While Theodore Bikel may be best known for his defining portrayal of Tevye in Fiddler on the Roof--a role he has played over 2,000 times--the list of his accomplishments is remarkably long. Born in Vienna in 1924 and forced to flee the Nazis, he studied theater at London's Royal Academy of Dramatic Art and made his West End debut in the premiere of Tennessee Williams' A Streetcar Named Desire. He broke into film in the 1951 classic The African Queen, and was nominated for an Academy Award for his role as the beleagured Southern sheriff in Stanley Kramer's 1958 The Defiant Ones.
The man with the trademark booming bass, however, is more than an actor who speaks five languages fluently and has perfected accents in 23. After moving to New York in 1954, Bikel became a prominent folk singer and co-founded the renowned Newport Folk Festival. In 1963, he traveled with Bob Dylan and Pete Seeger to register black voters in the South. Later, he would go on to protest apartheid and more recently, the genocide in Darfur. At 84--he will celebrate his 85th birthday at Carnegie Hall in June--he continues to tirelessly campaign for a negotiated land-for-peace agreement between Israel and the Palestinians as chairman of Meretz USA.
Deborah Tannen, a professor of linguistics at Georgetown University and author of the New York Times bestseller, You Just Don't Understand: Women and Men in Conversation, sat down with Bikel on a day off from his most recent endeavor, the one-man show, Sholem Aleichem: Laughter Through Tears.
Deborah Tannen: I have always admired your activism, from the civil rights movement to labor unions. How did you become an activist?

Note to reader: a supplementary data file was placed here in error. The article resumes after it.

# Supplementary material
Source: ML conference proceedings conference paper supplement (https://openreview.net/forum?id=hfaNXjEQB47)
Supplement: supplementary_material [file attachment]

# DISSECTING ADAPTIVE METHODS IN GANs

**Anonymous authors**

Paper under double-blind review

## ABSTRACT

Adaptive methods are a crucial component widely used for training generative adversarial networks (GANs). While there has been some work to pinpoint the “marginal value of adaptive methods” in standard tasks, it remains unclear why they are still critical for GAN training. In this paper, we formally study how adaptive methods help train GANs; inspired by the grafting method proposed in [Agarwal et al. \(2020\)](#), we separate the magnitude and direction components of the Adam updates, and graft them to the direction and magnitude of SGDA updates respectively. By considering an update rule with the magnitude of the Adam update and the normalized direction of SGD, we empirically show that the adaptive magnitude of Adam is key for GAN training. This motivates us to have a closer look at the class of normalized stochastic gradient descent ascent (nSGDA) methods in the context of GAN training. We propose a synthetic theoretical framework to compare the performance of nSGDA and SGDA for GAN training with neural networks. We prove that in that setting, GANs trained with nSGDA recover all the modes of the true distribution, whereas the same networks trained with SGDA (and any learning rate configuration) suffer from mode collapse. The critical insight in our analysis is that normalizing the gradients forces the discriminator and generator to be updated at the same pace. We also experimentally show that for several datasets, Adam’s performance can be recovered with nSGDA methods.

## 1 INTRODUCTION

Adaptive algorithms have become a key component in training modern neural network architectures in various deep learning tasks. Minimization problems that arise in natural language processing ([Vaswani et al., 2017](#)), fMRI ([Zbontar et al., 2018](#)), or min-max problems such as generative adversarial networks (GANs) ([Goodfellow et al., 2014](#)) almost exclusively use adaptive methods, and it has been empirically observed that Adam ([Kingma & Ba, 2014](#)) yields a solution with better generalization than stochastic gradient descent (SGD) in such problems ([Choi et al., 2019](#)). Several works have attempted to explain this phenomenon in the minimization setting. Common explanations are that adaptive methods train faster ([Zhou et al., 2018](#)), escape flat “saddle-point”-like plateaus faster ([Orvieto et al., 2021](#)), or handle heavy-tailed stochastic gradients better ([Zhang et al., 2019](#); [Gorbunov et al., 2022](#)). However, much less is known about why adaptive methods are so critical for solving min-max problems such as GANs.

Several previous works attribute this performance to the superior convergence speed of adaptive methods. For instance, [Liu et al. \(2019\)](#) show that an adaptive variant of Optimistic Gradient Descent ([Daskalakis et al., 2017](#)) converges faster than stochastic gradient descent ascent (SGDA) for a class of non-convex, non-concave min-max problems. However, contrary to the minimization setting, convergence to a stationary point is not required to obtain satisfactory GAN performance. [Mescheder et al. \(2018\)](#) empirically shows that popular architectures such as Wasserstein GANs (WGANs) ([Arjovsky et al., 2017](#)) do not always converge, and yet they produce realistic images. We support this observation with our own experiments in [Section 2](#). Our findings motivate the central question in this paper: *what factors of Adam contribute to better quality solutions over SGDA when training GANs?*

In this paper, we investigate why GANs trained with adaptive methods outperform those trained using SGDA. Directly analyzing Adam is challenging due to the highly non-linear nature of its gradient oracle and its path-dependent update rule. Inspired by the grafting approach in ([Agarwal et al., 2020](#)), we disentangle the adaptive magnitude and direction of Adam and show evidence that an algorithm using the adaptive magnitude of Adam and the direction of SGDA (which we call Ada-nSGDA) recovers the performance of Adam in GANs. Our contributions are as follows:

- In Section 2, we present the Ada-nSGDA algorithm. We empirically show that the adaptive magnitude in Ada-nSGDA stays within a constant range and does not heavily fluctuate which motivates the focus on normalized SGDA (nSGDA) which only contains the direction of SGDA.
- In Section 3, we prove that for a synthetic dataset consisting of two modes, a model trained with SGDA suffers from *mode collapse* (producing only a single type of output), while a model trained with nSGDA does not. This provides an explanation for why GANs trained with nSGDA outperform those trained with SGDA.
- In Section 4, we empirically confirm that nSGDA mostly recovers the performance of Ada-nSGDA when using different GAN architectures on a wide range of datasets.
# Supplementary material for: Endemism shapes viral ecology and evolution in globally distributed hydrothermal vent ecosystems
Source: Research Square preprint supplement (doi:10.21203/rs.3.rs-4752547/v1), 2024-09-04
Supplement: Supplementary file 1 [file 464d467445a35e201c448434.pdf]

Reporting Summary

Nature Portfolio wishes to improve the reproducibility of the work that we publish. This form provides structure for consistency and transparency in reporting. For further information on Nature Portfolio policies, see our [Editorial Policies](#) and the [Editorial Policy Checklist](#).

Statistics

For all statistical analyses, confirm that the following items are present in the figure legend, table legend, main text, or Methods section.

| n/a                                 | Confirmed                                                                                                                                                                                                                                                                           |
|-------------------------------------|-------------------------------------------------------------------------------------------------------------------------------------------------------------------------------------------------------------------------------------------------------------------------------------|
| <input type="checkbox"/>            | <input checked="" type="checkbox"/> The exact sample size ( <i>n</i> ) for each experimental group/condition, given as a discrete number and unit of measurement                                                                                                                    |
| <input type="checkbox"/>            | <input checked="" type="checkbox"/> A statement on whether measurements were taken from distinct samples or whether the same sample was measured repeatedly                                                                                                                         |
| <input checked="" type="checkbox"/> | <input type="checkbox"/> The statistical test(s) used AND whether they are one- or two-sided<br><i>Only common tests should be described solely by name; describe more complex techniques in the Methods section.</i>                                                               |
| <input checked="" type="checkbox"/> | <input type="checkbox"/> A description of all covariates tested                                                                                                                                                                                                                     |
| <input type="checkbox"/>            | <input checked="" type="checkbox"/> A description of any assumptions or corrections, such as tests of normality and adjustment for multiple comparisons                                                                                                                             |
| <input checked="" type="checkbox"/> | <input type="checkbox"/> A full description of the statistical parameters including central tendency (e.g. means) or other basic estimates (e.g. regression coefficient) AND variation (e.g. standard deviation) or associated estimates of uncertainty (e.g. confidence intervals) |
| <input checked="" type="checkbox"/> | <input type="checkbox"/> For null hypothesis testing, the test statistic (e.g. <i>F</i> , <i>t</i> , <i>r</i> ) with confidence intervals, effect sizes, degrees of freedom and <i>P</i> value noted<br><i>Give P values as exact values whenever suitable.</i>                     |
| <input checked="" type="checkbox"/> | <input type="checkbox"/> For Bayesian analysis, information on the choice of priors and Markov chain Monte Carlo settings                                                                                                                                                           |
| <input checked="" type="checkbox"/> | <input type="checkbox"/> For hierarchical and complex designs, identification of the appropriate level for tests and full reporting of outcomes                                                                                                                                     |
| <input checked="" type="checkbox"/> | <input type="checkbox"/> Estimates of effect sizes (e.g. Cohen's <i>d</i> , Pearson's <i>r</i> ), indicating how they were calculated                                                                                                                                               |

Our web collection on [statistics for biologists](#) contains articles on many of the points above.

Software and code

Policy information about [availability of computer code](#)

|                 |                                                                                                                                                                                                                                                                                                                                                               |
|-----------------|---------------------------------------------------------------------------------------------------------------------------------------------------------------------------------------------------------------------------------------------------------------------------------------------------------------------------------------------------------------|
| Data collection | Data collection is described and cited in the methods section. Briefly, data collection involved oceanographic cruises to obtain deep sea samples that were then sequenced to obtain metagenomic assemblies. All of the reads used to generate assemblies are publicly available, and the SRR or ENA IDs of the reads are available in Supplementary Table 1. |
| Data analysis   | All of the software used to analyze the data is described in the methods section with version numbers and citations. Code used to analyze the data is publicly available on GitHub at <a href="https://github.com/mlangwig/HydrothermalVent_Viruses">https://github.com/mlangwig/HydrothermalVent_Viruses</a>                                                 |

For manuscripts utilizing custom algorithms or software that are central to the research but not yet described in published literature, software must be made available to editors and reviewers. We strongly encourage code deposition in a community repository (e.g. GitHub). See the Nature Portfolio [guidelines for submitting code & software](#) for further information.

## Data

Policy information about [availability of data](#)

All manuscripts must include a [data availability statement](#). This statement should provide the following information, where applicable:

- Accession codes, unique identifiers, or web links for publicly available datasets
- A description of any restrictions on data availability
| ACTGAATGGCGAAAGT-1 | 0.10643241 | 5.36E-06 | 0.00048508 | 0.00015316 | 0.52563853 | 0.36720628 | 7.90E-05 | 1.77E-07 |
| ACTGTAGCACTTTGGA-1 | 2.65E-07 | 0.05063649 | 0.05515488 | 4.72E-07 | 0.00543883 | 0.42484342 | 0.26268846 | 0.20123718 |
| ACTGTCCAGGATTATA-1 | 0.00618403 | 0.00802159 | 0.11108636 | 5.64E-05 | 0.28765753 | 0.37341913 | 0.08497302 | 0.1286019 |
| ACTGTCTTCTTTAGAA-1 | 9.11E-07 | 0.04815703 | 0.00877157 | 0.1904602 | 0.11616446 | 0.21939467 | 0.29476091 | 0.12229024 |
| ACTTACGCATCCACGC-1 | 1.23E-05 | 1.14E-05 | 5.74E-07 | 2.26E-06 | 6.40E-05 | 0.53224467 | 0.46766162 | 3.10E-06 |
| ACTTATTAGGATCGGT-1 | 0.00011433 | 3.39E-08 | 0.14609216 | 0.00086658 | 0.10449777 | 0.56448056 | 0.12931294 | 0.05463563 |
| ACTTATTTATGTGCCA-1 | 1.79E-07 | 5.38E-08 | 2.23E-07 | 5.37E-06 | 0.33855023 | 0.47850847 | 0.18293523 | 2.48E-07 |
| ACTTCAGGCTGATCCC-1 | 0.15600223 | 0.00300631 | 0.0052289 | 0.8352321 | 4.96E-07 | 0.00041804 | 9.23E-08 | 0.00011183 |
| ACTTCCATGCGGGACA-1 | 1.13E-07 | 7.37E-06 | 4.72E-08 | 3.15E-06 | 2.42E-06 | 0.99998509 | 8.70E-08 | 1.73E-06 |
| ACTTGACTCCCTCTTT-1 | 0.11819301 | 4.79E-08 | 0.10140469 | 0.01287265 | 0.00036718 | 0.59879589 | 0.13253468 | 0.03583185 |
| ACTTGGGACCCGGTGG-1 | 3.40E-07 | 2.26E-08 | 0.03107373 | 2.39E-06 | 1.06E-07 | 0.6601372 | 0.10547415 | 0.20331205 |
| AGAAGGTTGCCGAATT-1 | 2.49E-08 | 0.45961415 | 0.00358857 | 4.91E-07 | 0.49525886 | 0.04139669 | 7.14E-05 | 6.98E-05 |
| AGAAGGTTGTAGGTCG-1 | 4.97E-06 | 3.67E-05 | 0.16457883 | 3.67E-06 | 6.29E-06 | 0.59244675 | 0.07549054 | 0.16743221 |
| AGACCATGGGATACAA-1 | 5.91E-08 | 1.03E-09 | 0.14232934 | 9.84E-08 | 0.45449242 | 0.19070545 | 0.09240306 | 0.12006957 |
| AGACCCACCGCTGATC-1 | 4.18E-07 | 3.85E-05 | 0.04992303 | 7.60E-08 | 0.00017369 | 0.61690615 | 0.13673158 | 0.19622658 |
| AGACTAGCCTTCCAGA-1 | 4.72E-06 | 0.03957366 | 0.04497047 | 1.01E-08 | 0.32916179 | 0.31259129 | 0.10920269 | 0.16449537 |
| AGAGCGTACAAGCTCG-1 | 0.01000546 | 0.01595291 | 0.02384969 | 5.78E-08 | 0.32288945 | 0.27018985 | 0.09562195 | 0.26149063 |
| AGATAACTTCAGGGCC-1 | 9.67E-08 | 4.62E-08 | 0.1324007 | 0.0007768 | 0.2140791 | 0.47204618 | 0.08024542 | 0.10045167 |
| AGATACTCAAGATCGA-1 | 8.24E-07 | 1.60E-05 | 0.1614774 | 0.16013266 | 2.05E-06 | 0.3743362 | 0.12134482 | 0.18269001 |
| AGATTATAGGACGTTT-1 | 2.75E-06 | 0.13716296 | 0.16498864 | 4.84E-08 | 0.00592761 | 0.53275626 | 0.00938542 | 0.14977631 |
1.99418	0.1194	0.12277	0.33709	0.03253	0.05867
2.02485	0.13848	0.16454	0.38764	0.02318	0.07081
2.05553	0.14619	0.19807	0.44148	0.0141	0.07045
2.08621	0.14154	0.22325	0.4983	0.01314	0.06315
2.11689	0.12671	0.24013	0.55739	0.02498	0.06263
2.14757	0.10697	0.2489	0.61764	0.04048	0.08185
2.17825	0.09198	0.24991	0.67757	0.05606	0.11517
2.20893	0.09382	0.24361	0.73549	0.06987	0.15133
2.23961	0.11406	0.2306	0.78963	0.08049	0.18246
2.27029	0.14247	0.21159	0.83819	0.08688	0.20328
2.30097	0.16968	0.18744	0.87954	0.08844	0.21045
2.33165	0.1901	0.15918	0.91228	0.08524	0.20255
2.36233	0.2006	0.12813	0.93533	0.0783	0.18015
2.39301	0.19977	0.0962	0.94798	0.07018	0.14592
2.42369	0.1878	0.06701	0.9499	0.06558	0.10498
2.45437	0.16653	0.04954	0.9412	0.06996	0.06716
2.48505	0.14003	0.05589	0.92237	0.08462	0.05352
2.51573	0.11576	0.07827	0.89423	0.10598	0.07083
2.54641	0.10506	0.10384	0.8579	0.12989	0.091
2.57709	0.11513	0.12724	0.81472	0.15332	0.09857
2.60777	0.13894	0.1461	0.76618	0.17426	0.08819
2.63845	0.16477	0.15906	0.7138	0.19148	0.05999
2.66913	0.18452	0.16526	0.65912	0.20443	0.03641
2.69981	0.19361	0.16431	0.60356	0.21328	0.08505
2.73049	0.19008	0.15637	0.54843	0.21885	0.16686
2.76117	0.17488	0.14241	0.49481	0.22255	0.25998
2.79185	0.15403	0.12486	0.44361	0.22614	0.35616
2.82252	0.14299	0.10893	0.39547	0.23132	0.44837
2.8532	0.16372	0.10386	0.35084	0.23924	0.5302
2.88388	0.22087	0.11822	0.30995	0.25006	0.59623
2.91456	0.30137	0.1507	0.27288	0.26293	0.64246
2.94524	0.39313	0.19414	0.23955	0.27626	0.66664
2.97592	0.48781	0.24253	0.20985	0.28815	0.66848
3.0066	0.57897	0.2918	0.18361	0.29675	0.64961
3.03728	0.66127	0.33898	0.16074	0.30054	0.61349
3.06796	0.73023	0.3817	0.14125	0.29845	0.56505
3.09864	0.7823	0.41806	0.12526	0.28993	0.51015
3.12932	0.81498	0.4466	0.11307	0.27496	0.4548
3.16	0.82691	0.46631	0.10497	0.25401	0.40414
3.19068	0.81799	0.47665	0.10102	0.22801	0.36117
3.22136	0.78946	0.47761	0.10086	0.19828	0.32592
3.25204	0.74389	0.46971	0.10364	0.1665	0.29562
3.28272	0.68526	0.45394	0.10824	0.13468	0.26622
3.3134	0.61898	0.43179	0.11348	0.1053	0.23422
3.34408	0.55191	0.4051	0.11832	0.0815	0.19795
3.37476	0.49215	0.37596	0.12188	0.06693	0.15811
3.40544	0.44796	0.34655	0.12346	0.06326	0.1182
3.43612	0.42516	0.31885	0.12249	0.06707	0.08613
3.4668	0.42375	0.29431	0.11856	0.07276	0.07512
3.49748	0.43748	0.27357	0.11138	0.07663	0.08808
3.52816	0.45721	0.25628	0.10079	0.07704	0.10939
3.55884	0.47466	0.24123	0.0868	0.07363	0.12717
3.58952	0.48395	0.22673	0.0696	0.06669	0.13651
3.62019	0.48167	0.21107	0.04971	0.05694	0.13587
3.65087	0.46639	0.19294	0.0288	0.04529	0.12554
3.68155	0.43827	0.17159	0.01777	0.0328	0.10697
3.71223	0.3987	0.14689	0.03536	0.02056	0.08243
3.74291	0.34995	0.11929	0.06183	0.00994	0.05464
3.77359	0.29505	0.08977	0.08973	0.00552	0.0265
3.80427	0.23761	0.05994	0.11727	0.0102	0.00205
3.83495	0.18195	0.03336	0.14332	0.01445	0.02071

Thedore Bikel: I was a 13-year-old boy when the Nazis marched into Austria. Within days, I saw people that I knew dragged into the street and subjected to great indignities. And even if I didn't know them, I knew they were Jewish. The "J" was written in red paint on storefronts. There were warnings not to buy from Jews. Jews were forbidden to go into a park and sit on the bench. Jewish men were forced to clean the sidewalk with their toothbrushes; Jewish women were forced to mop it up with their fur coats. Later on, I saw people being put in a truck and shipped off.
When I saw injustices, I always felt the grief of it hitting my people and puzzlement that people who I thought were decent were doing nothing to prevent it. It became clear to me later that non-action is an act and that silence speaks, sometimes louder than words. I was determined I would not allow myself to engage in that kind of non-action. When I see victims of acts of savagery, barbarism and discrimination--no matter who they are--there's a little switch that gets thrown in my head and they become Jews.
You lived in Vienna until you were 14, when you escaped with your family to Palestine. How were you able to get out?
The British gave out a very low number of visas--they called them "certificates of entry"--into Palestine. Those were turned over to the Jewish community in Vienna and they in turn distributed the visas to Palestine to people who had been active Zionists according to seniority. My father was high on the list of the Labor Zionist movement, so our being Zionists saved our lives.
How did this early experience influence you?
I keep asking myself, is it just an accident that I was spared? For what purpose was I spared? I think I'm around for various purposes: I'm here to look out for my fellow worker, for my fellow human beings. I'm around to preserve the Yiddish language and the Jewish song.
Your play Laughter Through Tears is very much about Sholem Aleichem's love of Yiddish and his fears that it would not survive as a language. You revived Yiddish folk songs in the United States. Who will keep the Yiddish language alive for future generations?
Hasidim still speak it, but if Yiddish were to survive only thanks to Hasidim, we would be poorer. …